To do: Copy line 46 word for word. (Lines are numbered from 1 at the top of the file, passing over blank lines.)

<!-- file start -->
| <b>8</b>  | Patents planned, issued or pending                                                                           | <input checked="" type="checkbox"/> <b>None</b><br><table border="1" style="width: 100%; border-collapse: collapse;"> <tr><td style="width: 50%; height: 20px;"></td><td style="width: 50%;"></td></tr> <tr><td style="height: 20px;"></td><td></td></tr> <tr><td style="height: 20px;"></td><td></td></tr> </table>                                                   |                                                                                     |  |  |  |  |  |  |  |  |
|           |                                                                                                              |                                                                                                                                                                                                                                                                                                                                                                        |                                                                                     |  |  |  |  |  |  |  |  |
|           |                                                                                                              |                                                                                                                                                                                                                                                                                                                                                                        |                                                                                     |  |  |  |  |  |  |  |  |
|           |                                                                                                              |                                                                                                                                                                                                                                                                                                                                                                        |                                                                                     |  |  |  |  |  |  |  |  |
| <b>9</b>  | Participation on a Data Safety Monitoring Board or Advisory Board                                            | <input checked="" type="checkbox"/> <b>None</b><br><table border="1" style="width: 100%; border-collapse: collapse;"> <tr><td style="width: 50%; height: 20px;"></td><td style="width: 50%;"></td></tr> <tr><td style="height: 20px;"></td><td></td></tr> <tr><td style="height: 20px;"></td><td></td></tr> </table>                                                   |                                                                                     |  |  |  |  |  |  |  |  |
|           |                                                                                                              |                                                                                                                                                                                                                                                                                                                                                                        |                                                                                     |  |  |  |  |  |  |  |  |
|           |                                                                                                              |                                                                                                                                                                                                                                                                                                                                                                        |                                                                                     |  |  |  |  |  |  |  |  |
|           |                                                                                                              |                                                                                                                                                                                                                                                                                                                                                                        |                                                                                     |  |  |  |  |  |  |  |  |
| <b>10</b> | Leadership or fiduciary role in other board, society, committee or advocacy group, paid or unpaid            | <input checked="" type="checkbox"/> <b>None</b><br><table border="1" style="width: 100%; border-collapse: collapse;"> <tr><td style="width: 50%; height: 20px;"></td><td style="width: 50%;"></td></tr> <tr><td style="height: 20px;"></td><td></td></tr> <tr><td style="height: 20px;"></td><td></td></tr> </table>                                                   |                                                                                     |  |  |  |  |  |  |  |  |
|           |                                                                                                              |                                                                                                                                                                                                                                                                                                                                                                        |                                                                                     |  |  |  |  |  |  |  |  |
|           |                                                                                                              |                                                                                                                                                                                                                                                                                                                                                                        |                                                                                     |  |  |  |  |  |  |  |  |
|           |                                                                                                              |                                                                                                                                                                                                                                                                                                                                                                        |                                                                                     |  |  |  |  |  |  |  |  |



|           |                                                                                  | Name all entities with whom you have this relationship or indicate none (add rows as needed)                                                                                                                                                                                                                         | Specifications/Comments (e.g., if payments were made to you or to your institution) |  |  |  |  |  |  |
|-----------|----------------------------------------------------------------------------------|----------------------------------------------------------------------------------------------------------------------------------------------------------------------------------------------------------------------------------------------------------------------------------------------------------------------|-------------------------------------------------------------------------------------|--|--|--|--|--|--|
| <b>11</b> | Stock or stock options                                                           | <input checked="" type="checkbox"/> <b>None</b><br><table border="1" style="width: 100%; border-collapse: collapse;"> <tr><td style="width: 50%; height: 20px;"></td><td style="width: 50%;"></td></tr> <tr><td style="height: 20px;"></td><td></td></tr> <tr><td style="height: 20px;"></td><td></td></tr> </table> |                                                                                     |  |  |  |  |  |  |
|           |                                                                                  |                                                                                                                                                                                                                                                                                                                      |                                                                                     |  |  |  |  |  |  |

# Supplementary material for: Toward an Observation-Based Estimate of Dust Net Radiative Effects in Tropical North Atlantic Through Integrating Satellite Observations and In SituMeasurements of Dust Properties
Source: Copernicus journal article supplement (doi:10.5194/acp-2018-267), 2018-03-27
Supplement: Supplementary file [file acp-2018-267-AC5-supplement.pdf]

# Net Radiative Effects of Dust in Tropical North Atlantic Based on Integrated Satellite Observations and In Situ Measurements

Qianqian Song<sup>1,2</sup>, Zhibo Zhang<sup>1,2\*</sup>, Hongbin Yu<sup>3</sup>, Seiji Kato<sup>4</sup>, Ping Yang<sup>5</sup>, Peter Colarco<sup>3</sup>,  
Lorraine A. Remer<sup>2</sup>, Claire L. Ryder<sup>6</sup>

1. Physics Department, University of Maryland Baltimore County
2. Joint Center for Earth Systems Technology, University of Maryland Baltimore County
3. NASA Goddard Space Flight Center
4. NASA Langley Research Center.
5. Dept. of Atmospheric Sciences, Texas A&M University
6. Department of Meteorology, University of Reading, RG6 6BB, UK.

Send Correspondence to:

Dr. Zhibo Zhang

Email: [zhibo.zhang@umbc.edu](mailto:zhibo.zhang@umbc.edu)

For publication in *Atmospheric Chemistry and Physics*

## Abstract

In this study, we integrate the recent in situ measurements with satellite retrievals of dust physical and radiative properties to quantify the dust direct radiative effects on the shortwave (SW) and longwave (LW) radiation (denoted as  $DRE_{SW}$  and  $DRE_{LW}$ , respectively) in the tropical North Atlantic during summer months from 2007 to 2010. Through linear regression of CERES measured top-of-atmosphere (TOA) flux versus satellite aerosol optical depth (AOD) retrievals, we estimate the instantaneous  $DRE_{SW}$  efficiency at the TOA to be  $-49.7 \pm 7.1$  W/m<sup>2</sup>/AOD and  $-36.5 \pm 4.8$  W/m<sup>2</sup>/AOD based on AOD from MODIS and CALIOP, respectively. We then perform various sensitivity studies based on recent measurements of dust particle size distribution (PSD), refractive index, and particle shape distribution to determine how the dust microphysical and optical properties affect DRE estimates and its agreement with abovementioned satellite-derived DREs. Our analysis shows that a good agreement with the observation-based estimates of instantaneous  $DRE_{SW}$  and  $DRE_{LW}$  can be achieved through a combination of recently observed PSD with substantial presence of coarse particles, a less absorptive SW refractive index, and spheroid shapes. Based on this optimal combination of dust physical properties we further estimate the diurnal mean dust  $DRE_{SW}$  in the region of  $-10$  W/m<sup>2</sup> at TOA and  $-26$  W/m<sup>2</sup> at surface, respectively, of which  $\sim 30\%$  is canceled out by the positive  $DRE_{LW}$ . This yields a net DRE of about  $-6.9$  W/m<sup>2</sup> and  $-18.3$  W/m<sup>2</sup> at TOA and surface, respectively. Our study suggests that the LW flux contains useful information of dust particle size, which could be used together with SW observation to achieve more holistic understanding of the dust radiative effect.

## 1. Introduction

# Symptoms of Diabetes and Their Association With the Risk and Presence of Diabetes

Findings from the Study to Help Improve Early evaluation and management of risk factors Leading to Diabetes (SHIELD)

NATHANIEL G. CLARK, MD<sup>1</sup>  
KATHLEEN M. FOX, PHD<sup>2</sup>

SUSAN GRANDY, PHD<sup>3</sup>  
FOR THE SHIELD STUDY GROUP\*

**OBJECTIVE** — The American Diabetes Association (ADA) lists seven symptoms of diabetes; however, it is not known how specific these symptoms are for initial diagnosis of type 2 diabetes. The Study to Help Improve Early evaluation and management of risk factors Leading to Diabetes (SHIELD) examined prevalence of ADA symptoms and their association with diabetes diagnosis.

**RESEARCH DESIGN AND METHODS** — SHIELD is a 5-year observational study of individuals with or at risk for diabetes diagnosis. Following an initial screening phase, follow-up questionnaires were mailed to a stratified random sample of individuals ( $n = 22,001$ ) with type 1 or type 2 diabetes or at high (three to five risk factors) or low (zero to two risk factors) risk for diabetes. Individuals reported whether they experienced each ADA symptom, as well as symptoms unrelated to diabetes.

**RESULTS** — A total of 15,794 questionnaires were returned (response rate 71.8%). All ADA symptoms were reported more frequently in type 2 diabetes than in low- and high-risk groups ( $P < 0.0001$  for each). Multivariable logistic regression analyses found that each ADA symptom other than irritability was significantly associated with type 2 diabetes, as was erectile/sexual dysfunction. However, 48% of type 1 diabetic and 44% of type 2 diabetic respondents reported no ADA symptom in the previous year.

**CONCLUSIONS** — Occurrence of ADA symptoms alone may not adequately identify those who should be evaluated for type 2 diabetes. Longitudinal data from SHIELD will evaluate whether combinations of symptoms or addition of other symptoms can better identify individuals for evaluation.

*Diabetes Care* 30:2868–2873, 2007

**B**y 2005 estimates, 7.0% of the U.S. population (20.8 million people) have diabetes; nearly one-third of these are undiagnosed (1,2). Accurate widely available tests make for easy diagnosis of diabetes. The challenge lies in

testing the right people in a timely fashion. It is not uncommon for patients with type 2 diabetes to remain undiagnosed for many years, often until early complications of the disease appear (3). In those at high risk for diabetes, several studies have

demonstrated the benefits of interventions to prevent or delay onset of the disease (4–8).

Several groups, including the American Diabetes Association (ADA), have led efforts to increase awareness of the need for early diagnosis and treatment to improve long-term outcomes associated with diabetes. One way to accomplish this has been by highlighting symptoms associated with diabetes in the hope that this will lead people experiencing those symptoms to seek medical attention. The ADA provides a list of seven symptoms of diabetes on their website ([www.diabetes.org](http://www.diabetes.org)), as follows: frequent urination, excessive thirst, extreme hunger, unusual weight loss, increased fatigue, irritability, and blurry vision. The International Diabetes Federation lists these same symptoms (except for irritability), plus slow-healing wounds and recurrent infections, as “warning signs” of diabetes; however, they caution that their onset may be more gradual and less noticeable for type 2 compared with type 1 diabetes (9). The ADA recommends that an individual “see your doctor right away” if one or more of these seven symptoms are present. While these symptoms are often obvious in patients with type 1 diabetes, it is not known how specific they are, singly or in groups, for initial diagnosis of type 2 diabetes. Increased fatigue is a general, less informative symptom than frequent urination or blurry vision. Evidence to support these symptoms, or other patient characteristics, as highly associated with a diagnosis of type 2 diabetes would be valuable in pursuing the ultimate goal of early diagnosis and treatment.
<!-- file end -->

*Diabetes Care* 30:2868–2873, 2007